Teaching an Old Dog New Tricks: A Guide for Senior Training
"You can't teach an old dog new tricks," might be a cliché saying, but is it true? Read on for the real scoop on teaching an old dog new tricks, and learn tips for training an older dog.
"You Can't Teach an Old Dog New Tricks"
The original saying went, "An old dog will learn no tricks." No one is certain of the exact origins of the phrase, but it appeared as early as 1721 in the book "Divers Proverbs" by Nathan Baily, says Know Your Phrase. While that proverb uses dogs as a metaphor for the stubbornness of human nature, an even older version can be found in a book on animal husbandry from the 1500s which states, "it is hard to make an old dog to stoop," referring to teaching a dog to put their nose to the ground to track scent. Cuteness points out that these sayings originated at a time when dogs were trained to perform specific jobs such as herding or hunting, abilities that would naturally decline as dogs aged and lost the use of their senses.
Puppies vs. Senior Dogs: How Do They Learn Differently?
While declining health might prevent older dogs from being able to perform certain tasks, they still have the ability to learn new skills — though at a slower rate than puppies and younger dogs, according to an article in the journal, Age. In a study conducted at the University of Vienna's Clever Dog Lab, a test of dogs' ability to learn to distinguish between objects found that dogs around 10 years of age took more than twice as many repetitions and corrections than puppies 6 months to 1 year old. However, the older dogs outperformed the young pups in logic and reasoning tasks, suggesting that older dogs stubbornly refuse to unlearn what they already know. The study found no age difference in dogs' ability to retain their training.
Breeds More Likely to Learn in Older Age
While the study found no correlation between aging dogs' ability to learn and dog breed, it stands to reason that breeds that are easier to train while young will remain easier to train as they age. Breeds that do best at learning new skills, says iHeartDogs, include the poodle, golden and Labrador retrievers and herding breeds such as the German shepherd, collie and Shetland sheepdog. Both Cardigan and Pembroke Welsh corgis are also highly trainable.
Why Try to Train an Older Dog?
There are many possible reasons for training an older dog: Perhaps you've adopted a senior dog who needs to learn how to fit into your household, or maybe your older dog has had a rough past and needs to be resocialized or desensitized to fear triggers. Here are a few more reasons you may want to train an older dog:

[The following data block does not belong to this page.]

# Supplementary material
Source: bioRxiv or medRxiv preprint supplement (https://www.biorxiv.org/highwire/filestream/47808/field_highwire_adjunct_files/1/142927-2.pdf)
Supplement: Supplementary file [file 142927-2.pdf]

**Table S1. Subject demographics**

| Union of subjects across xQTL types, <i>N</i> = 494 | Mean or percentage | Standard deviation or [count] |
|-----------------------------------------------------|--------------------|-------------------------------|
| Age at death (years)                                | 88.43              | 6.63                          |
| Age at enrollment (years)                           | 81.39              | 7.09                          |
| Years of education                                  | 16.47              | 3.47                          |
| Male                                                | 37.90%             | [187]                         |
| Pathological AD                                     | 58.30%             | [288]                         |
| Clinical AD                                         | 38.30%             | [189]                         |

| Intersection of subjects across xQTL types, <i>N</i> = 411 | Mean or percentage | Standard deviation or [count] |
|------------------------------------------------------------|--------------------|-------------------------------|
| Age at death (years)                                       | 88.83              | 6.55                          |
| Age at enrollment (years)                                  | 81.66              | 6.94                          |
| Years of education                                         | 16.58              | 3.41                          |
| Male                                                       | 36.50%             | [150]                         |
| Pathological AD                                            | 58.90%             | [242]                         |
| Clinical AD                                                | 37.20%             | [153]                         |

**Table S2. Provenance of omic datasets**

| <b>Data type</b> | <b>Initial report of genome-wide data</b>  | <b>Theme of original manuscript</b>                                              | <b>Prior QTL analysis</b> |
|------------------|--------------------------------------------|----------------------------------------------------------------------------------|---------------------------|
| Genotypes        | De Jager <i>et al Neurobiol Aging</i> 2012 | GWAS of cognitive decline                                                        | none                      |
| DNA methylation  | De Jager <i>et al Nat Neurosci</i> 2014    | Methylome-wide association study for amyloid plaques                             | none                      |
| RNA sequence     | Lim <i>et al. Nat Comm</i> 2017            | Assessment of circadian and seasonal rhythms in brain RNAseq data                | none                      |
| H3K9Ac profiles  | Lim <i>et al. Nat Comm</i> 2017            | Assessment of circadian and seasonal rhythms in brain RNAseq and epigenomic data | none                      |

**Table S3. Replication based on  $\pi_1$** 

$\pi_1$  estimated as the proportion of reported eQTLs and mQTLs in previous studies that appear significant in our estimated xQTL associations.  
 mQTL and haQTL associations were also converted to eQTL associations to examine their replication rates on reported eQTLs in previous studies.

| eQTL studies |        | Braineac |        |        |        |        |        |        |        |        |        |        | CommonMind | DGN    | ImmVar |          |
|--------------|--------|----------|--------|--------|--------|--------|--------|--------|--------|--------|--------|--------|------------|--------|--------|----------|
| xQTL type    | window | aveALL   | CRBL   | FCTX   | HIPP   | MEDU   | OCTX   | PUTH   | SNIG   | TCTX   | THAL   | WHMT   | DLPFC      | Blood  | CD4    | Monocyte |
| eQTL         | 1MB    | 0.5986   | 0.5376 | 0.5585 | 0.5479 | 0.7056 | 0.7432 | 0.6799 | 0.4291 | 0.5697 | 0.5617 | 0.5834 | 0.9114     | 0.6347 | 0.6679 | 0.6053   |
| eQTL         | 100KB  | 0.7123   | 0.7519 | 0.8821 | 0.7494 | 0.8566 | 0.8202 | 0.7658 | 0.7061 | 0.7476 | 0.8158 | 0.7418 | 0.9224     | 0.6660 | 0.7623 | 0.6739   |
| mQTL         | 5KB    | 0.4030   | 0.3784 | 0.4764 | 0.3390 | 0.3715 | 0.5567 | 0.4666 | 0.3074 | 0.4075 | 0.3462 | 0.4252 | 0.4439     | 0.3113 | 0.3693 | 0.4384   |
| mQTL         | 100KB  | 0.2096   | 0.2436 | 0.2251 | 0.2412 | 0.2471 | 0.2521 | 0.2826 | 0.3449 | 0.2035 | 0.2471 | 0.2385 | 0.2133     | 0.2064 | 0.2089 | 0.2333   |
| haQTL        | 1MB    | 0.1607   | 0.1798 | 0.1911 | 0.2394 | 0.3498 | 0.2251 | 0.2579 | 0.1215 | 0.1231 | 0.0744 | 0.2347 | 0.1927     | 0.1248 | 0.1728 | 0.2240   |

- To house train a former outside dog
- To prepare for a new experience, such as travel
- To introduce new activities to promote exercise and healthy weight
- To provide a refresher course on obedience training
- To help prevent boredom and cognitive decline
Tips for Training a Senior Dog
As dogs age, many develop health conditions that limit their learning ability, including joint pain, vision or hearing loss, and decline in cognitive function, says Rover.This might mean you should avoid trying to teach your senior dog more vigorous games or activities, but the good news is that older dogs can still learn new things. It simply takes more time and patience to train an older dog.
Here are some tips to help make teaching an old dog new tricks a little easier:
- Evaluate your pet: Does your dog have any health issues or cognitive dysfunction that will make it hard to perform the task you want to teach? If your reason for training is to address a behavioral problem, could an underlying health problem be to blame? For example, an older dog who's started soiling the carpet might have bladder problems that need to be treated rather than a refresher in house training. Talk to your veterinarian to make sure your dog is healthy enough for training.
- Exercise first: For dogs who are easily distracted and have a hard time paying attention, a walk or a game of fetch prior to the training session will help them release pent-up energy, so they can relax and be more focused.
- Reward them: Giving your pup their favorite dog treat each time they do what you want will create positive associations between the command and the desired outcome. If your pooch doesn't respond well to treats, or if you're watching their weight, reward them with lots of praise and petting, or give clicker training a try.
- Ignore undesirable behavior:It may sound counterintuitive, but calling attention to your dog if they get distracted, lie down, wander off or refuse to cooperate will only serve to reinforce that behavior. The best thing to do is ignore it, reposition your pooch, and try again.
- Take breaks:It's easy to get frustrated when your dog doesn't seem to be catching on, and it's very likely your old pup feels the same way. When this happens, stop the training and try again the next day.
- Be patient: Remember that older dogs need twice as much time and twice as much exposure than younger dogs to learn a new behavior.
- Practice, practice, practice: Your old dog needs consistent practice to learn a new skill. Skipping a day will only make it harder for your old friend. Keep going for as long as it takes, continuing to reward with treats and praise when your dog gets it right. Unless your dog suffers from dog dementia, which might make learning impossible, there's a good chance they'll pick up the trick eventually. Even after they do, daily practice will help ensure that they retain the new skill.
Despite the old adage, teaching an old dog new tricks is possible. Training an older dog simply takes time and repetition along with a whole lot of patience and love.
Jean Marie Bauhaus
Jean Marie Bauhaus is a pet parent, pet blogger and novelist from Tulsa, Oklahoma, where she usually writes under the supervision of a lapful of furbabies.